A Brief History of the MirrorThe history of mirrors is a fascinating one. Stones were polished into mirrored furniture surfaces as early as 4000 B.C.E., but it wasn’t until the First Century that Romans began fashioning simplistic mirrors from glass as home decor. There was a lull in the evolution of the mirror during the Middle Ages due to the early Christian church claiming it was a symbol of sin and vanity. Pope John XII even declared, “The Devil can conceal in a phial or a mirror.” The invention of glass blowing during the 14th century sparked interest in mirror production once more, and new techniques brought great advances. Flat glass mirrors may be attributed to the Venetians, who turned their attention to mirror production in the 16th century. Once a mirror technique was established and perfected, glass artisans became fiercely protective and determined to keep their method a secret. Craftsman were sworn to secrecy and threatened with imprisonment or even execution if they divulged the Venetian trade secrets. Those talented enough to create flat mirrors were kept on a small island, Murano, isolated from the outside world. These efforts were not unwarranted, as European monarchs desperate to discover the technique avidly engaged in espionage and bribery. Finally, in 1687, three Murano craftsman were paid enough to be smuggled to France to expose the Venetian trade secrets. From then on, the development and production of decorative mirrors went full steam ahead.
Although production was escalating, mirrors were incredibly costly. Cabinetmakers such as Thomas Chippendale and John Linnell were importing glass from France to their wealthy English clients. The popularity of the mirror spread from France and Italy to other parts of the world, but manufacturing a mirror was still an incredibly delicate and dangerous process, causing expenses to rise. It wasn’t until 1835 that mirror production became more affordable and rid of mercury when German chemist, Justus von Liebig, invented a new method of backing sheets of glass with a thin layer of real silver.
Decorating with Mirrors
Mirrored furniture pieces were not only a way to gaze upon your reflection, but also became a decorative addition to a room. With the right size and style, a mirror can tie together an entire space. Mirrors as decor can also create the illusion of a larger, more open atmosphere. For example, the Hall of Mirrors at Versailles is not only a stunning space to wander, but also a breathtaking experience due to the mirrors being strategically placed opposite to sources of natural light, creating a glamorous illusion and infinite space. While your decorative goals may not be so lofty as to replicate the extravagant French Palace, by adding a mirror to a room with natural light you can expand your space with a dramatic flare.
Frame StylesJust like manufacturing techniques varied and evolved, so did framing styles for wall mirrors. Tastes change over time, and since the framed mirror has been in production for hundreds of years, there is a wide breadth of choices for your particular aesthetic. Knowing the background of a specific style of frame for your mirror helps add meaning to what you’re using to decorate your home.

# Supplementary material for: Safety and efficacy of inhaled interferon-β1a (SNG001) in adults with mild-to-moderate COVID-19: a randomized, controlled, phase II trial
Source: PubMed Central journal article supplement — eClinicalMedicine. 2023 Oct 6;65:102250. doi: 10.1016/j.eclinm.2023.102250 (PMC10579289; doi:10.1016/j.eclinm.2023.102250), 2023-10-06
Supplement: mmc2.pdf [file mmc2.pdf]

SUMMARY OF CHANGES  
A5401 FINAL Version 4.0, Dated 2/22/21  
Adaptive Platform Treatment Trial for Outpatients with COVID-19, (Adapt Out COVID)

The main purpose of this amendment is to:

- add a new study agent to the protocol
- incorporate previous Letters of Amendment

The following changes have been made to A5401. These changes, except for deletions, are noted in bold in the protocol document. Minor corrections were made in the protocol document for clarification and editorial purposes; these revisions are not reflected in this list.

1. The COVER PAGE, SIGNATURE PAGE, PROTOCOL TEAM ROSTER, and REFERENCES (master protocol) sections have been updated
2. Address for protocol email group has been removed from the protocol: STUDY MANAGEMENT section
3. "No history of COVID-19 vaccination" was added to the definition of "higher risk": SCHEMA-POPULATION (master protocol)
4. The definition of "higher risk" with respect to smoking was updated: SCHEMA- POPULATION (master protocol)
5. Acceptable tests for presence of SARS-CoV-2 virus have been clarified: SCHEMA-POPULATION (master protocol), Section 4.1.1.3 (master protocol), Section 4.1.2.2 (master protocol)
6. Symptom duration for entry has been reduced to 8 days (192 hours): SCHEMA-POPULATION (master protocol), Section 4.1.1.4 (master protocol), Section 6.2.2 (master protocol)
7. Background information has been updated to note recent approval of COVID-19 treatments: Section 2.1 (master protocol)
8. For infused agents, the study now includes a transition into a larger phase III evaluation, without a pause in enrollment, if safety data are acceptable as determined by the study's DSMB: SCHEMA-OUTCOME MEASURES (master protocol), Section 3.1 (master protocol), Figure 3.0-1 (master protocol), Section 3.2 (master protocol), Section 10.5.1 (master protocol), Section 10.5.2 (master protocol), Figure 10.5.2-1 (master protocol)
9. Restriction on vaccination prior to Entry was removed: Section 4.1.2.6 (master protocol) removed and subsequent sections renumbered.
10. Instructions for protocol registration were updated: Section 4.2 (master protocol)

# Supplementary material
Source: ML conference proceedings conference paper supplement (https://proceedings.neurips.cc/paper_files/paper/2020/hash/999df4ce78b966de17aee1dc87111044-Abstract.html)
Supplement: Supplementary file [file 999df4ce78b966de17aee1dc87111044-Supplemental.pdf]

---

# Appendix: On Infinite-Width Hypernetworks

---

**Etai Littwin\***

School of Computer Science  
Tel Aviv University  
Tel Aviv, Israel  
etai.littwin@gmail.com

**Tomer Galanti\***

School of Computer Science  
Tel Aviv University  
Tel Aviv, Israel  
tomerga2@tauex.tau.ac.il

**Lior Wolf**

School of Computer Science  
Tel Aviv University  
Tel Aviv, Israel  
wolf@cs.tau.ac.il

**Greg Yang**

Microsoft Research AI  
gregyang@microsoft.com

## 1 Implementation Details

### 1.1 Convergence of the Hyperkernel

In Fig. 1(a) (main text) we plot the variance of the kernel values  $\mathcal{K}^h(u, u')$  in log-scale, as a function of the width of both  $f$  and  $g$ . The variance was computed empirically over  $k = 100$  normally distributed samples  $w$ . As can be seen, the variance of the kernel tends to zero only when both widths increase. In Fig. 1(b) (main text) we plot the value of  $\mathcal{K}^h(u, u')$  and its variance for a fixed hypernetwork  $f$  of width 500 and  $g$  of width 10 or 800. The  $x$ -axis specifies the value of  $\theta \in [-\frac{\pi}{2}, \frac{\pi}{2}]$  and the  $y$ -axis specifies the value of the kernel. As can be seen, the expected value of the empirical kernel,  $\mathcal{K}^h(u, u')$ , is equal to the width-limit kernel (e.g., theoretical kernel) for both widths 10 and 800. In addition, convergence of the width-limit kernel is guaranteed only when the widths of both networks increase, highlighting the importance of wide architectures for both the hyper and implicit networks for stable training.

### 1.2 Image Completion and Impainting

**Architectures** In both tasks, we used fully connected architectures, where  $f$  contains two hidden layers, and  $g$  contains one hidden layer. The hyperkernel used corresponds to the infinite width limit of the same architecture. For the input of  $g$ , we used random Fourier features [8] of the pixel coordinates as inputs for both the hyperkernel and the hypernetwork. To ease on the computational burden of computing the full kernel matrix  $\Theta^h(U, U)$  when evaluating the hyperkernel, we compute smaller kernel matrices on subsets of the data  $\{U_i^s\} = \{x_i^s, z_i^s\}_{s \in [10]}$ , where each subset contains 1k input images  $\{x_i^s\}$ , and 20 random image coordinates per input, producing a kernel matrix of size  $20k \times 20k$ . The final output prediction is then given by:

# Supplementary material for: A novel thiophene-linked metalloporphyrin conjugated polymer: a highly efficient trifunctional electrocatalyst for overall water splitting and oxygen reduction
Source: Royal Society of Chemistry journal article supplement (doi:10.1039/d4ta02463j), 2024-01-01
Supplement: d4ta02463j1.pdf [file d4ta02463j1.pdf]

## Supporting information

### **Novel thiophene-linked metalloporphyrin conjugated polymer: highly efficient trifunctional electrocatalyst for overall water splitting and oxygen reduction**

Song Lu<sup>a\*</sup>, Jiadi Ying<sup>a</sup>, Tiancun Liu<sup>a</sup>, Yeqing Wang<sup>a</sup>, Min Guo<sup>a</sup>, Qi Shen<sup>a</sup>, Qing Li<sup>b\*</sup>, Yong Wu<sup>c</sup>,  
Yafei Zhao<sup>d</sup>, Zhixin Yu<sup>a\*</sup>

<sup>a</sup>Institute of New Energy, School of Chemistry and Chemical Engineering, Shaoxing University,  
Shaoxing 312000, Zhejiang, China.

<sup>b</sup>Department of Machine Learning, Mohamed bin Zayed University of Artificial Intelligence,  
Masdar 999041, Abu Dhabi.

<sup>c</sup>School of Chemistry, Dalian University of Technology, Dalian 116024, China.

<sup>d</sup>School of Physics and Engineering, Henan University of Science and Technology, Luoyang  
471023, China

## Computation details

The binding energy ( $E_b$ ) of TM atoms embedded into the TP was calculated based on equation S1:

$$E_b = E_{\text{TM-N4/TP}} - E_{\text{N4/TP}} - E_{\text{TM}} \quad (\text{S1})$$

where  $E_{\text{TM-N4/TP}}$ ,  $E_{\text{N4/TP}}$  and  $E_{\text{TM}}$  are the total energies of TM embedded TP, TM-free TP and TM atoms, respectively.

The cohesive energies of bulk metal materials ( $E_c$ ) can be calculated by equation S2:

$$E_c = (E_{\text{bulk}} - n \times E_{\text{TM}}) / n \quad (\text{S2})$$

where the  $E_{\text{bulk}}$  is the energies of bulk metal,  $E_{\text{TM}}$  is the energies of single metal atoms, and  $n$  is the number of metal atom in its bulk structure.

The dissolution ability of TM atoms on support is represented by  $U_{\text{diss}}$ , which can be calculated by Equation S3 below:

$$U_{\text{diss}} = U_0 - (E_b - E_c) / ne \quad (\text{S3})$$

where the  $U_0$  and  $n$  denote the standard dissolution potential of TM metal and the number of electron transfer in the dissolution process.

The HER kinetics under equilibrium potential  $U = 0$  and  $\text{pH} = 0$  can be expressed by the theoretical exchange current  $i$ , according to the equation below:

In the beginnings of its evolution, the mirror itself was so expensive to craft that artisans often created a magnificent frame to befit the precious glass. Decorative mirrors from the 18th and 19th centuries most commonly boasted floral swags and garlands in a Rococo style. Because of the opulent intricacy of gilded mirrors, it is difficult to find an antique one without pieces that have been broken off and restored. If you are lucky to find a pristine mirror in this style, hold onto it! This particular large mirror is exemplary of the era’s highly ornamental, yet elegant style. A mirror such as this is highly coveted because few mirrors dating back to the mid-18th century survive. It would act as a stunning focal point to any room and add a beautiful decorative touch. When you decorate with mirrors, the whole interior design of a room becomes elevated.
If you are looking to hang for a mirror with a less commanding presence than the Rococo style, yet still want an eye catching and rare antique addition, this dignified William and Mary mirror would be a perfect fit. Featuring its original silver glass, the mirror is truly a one-of-a-kind find. Crafted by cabinet-maker Hugh Granger, the frame is made of stunning exotic fruit wood and sycamore marquetry in a cushion shape and signed by its maker. It would be perfectly placed in-between two windows with a table and stools beneath it, an interior design choice popular during the end of the reign of King Charles II. If you are looking for a stunning focal point in your bedroom, living room, or dining room, this wall mirror would be an excellent choice.
This unique convex framed mirror will add a resplendent touch to any room. Mirrors of this caliber, especially convex glass, were made only by the most respected and talented craftsmen. With a noble ebony eagle perched atop the acanthus, this one-of-a-kind piece is sure to dazzle any onlooker. To make it even more desirable, the eye catching mirror features two exceptional girandoles on either side. Although a convex mirror like this may not be useful for seeing your true reflection, the girandoles make it a useful light source for a room.
Whether you are looking for an opulent and decorative Rococo style, or slightly more modest yet still exceptional one, a mirror is a perfect addition to a room. It will add a personal flare as well as expand your space in the most elegant of ways. Shop our website here to see the wide variety of mirrors we have to offer!